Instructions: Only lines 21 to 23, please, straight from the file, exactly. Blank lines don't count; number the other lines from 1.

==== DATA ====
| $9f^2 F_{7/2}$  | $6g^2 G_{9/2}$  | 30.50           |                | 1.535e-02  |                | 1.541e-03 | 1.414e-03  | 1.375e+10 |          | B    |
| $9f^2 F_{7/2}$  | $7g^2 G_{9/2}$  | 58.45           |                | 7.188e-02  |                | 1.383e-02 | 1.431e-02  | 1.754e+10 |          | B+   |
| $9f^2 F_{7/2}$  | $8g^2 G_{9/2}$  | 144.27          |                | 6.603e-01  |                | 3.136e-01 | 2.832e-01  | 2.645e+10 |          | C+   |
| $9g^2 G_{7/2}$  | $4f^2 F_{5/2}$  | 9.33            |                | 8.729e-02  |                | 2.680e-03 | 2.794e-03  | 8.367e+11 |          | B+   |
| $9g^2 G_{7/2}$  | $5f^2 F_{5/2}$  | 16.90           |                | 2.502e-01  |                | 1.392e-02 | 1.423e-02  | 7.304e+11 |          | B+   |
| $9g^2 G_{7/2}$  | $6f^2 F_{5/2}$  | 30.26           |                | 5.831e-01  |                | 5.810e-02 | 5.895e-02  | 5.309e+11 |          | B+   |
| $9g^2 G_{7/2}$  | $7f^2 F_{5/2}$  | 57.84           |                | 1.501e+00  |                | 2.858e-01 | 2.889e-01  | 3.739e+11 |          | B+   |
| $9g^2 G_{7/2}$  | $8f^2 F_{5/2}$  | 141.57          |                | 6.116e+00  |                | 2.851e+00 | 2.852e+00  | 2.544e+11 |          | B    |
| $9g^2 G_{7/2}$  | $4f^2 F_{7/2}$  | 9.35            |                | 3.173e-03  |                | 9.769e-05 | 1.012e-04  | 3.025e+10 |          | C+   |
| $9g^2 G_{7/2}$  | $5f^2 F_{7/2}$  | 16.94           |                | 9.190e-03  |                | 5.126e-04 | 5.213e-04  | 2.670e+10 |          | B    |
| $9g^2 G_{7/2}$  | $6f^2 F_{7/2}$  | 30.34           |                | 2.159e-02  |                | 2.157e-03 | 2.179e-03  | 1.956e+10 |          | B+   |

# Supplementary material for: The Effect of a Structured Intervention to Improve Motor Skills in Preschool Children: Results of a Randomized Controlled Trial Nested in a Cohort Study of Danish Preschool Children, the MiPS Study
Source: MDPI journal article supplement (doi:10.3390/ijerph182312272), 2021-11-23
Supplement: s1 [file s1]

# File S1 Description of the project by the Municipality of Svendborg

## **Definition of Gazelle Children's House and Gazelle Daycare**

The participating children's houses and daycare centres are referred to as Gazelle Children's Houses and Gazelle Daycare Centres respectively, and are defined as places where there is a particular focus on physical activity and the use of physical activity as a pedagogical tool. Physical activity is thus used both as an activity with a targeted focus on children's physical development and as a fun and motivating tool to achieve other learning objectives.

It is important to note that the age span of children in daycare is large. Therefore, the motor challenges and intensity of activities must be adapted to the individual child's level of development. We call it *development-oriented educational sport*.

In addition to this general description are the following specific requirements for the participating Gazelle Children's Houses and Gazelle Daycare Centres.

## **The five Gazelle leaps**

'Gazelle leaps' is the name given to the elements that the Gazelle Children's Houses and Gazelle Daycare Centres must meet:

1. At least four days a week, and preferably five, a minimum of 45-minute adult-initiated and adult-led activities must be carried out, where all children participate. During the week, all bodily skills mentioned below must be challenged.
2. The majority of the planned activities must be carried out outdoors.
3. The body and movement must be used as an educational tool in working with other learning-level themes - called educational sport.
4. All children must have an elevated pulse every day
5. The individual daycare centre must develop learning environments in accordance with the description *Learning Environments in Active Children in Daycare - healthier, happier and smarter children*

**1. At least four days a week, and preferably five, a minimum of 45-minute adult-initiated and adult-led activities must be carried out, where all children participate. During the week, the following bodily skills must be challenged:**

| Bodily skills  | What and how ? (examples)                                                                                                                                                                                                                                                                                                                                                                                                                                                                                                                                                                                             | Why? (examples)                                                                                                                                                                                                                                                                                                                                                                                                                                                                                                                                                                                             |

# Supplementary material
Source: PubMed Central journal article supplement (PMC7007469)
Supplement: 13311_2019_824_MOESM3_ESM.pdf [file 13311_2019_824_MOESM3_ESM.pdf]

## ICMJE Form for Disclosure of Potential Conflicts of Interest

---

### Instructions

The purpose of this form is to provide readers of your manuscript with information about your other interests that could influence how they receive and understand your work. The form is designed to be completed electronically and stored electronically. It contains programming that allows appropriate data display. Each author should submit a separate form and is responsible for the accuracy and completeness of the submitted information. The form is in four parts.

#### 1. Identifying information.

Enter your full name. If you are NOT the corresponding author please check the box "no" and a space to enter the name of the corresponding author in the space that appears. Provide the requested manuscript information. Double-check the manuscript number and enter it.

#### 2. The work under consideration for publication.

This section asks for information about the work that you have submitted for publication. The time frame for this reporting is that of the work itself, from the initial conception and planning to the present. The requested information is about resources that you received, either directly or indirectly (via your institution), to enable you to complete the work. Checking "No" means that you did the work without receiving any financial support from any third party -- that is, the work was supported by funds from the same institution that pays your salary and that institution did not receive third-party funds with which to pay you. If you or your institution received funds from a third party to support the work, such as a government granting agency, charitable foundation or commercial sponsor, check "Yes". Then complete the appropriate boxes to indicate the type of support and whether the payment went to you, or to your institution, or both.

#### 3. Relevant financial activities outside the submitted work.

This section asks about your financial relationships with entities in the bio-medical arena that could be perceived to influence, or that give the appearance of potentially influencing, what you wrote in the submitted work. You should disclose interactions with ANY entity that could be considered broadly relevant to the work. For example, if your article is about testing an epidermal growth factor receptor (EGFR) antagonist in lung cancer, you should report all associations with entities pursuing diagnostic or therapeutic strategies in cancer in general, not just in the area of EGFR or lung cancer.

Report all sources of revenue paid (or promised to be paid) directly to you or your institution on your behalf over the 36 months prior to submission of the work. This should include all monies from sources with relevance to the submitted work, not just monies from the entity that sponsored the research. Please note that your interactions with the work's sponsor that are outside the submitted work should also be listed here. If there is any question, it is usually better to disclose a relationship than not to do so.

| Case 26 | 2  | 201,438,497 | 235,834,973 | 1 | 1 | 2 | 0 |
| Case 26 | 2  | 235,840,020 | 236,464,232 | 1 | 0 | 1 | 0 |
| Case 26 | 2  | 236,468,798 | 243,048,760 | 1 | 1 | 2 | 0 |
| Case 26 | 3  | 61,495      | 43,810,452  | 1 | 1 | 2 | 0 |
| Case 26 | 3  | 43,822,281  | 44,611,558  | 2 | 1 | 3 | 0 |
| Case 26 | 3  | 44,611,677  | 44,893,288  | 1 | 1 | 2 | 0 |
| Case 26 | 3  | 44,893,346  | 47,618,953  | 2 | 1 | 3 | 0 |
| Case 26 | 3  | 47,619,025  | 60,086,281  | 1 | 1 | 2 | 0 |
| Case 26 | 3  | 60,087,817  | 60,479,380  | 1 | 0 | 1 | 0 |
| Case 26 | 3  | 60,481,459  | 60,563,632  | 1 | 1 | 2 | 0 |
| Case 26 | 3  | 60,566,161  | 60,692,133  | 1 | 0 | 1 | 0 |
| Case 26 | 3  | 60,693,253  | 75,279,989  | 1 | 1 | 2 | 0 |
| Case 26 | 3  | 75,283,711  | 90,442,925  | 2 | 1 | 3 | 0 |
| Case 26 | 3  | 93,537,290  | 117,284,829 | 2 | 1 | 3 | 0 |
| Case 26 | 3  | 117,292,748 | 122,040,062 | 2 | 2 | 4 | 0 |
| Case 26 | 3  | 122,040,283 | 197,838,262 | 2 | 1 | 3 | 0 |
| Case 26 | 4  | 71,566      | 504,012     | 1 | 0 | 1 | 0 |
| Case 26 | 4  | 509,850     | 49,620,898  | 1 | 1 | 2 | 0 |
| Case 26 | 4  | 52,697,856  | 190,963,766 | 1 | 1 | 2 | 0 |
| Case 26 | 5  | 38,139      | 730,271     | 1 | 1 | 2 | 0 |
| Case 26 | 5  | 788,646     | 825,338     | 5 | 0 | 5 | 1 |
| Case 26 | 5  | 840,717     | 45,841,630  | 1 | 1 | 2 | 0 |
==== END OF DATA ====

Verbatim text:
'Gazelle leaps' is the name given to the elements that the Gazelle Children's Houses and Gazelle Daycare Centres must meet:

1. At least four days a week, and preferably five, a minimum of 45-minute adult-initiated and adult-led activities must be carried out, where all children participate. During the week, all bodily skills mentioned below must be challenged.
2. The majority of the planned activities must be carried out outdoors.